M Ali Siddiqi evaluates the
imperatives of international trade
Viewing international trade is a consistently evolving issue and resultantly is full of contentious issues. Its very nature is fraught with self-interest as on one hand it has ensured human sustenance and, on the other, has caused tremendous conflicts. The interconnectedness, therefore, of international politics and international economics is today widely debated as the political actions of nation-states clearly affect international trade and monetary flows which in turn affect the environment in which nation-states make political preferences and entrepreneurs make economic choices and the result often is long drawn conflict that often gets complicated. Most of the current global problems are associated with some kind of issues connected with trade though they are not made apparent most of the time and are not kept at the forefront.
The problem here is that states think in terms of geography and population which are the relatively stable factors defining their domain while markets are defined by exchange and the extent of the forward and backward linkages that derive there from. The borders of markets are dynamic, transparent, and porous although they rarely coincide exactly with the borders of states. When trade within a market involves buyers and sellers in different nation-states, it becomes international trade and the object of political scrutiny. International trade is fundamentally different from domestic economic activity and the international exchange of goods, services, or resources with another country raises many political questions of national interest, especially questions concerning the economic and military security of the nation.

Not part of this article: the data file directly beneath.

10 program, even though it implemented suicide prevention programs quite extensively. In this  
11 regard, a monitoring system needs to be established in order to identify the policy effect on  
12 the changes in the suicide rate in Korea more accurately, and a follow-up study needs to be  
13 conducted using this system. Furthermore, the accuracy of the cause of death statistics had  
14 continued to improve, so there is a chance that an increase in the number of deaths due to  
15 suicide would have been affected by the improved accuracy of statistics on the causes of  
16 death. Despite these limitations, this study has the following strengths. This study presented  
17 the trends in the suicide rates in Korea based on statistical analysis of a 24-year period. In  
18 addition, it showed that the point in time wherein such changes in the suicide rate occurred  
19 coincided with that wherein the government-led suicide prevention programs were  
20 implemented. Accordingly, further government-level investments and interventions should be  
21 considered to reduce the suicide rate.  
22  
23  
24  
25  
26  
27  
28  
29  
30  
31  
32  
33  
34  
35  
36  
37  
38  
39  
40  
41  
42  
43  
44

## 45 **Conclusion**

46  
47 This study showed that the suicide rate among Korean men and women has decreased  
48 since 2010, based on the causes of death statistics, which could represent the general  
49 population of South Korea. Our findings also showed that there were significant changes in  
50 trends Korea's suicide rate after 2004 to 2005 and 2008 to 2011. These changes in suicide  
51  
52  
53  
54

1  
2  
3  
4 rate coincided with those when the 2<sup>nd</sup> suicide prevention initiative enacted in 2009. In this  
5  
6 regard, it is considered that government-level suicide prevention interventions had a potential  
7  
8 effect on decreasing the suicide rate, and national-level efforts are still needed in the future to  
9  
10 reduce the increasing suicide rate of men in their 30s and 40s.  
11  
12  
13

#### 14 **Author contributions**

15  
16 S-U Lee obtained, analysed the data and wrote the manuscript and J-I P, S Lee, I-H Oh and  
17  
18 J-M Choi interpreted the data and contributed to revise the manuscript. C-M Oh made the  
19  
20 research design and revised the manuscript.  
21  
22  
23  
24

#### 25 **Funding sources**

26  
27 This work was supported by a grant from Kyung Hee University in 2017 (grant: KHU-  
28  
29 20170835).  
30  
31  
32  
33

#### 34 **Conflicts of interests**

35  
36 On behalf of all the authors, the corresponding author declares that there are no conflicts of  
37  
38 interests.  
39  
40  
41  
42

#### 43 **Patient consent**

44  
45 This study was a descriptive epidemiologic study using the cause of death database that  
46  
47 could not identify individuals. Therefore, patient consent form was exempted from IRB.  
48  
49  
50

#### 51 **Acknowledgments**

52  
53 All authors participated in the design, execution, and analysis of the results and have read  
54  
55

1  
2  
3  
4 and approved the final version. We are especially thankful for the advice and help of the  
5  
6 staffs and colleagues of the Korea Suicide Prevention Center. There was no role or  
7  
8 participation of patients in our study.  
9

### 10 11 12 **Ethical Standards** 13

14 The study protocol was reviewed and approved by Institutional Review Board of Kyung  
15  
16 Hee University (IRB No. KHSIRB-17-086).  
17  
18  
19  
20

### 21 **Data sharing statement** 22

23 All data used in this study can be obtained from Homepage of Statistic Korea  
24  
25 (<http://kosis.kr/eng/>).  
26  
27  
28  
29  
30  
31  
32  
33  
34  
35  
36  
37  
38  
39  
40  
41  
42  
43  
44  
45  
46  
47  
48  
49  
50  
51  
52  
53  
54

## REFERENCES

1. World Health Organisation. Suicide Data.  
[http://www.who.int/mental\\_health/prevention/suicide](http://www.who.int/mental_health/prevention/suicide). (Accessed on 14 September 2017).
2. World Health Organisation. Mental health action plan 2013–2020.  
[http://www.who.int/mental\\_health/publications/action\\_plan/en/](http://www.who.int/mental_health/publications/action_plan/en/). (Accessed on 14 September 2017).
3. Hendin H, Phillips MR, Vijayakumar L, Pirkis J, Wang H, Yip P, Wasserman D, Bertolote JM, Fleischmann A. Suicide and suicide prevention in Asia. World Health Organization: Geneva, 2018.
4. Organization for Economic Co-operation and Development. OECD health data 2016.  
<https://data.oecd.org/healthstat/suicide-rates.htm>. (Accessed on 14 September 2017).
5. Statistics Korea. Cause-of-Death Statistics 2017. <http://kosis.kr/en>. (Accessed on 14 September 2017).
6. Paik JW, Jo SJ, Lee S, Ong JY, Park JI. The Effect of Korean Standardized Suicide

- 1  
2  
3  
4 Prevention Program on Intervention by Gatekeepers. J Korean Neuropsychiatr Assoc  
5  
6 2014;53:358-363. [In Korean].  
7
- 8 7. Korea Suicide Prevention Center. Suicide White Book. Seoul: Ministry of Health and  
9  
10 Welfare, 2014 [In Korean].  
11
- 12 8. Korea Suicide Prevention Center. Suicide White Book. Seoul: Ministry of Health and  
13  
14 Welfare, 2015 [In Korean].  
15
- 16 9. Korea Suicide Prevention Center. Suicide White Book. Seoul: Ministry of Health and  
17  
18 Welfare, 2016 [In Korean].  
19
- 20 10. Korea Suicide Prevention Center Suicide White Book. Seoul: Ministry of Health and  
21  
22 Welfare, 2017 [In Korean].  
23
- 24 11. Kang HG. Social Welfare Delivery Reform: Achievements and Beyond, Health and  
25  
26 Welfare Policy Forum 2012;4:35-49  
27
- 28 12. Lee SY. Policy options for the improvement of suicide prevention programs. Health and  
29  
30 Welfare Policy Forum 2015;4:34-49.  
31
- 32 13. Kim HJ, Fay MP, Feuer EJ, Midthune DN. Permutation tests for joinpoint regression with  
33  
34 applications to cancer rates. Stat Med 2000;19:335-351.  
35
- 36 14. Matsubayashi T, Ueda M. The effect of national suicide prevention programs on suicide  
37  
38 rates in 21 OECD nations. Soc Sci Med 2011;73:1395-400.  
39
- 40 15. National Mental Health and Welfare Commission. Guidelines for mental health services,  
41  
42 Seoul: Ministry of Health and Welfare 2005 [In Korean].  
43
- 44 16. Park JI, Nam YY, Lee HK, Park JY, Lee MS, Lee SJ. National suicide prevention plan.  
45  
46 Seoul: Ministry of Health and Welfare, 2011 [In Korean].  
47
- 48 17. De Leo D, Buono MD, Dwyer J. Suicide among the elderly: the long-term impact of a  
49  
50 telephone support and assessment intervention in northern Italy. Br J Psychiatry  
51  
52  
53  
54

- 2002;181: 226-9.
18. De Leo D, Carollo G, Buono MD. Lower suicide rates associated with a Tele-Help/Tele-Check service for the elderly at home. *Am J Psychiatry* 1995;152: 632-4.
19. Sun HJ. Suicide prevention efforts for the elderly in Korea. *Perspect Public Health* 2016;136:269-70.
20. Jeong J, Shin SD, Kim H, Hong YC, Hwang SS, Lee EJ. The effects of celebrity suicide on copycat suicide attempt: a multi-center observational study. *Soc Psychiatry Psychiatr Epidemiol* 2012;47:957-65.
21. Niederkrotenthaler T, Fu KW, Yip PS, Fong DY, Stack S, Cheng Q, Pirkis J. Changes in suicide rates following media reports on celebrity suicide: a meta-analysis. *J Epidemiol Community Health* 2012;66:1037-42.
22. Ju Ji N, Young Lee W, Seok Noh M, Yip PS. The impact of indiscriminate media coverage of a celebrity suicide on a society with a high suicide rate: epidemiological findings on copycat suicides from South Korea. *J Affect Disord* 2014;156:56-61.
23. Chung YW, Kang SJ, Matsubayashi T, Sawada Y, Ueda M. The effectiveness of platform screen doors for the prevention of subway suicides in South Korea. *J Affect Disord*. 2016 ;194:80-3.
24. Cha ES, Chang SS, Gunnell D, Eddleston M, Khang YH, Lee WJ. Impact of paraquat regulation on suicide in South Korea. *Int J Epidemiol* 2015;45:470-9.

Apparently the tenets of economic activity may seem quite akin to general economic principles but in international terms they vary in context and practice. For example, exports are desirable because they increase a nation’s monetary reserves and create jobs whereas imports should be avoided because they create dependency, reduce national reserves, and threaten domestic business and labour interests but in international trade parlance, their interpretation is different. The mutual astigmatism that hid international politics and international economics from each other cleared in the 1970s as a number of dramatic international events made plain how tightly the two fields were intertwined. The oil embargoes of the 1970s and the breakdown of the Bretton Woods monetary system are frequently cited as key events in international political economy’s development.
Exports create jobs, but their full impact on national security depends upon what is exported to whom and on what terms. An export of technology that has critical military or economic applications tends to weaken national security. Nations have frequently imposed export controls for both economic and military reasons. Exports of primary products at unfavourable terms of trade with respect to manufactured goods and technology can create fears of economic dependency. And, although a trade surplus does increase reserves, an excessively large bilateral surplus of exports over imports can create political problems, such as those that China is currently experiencing with respect to the US. High export penetration is sometimes seen as an aggressive policy by the target nation, which may react to defend its perceived security interests. A nation-state therefore has an interest in managing the nature of its exports to other countries and in monitoring its trade relationships with other countries.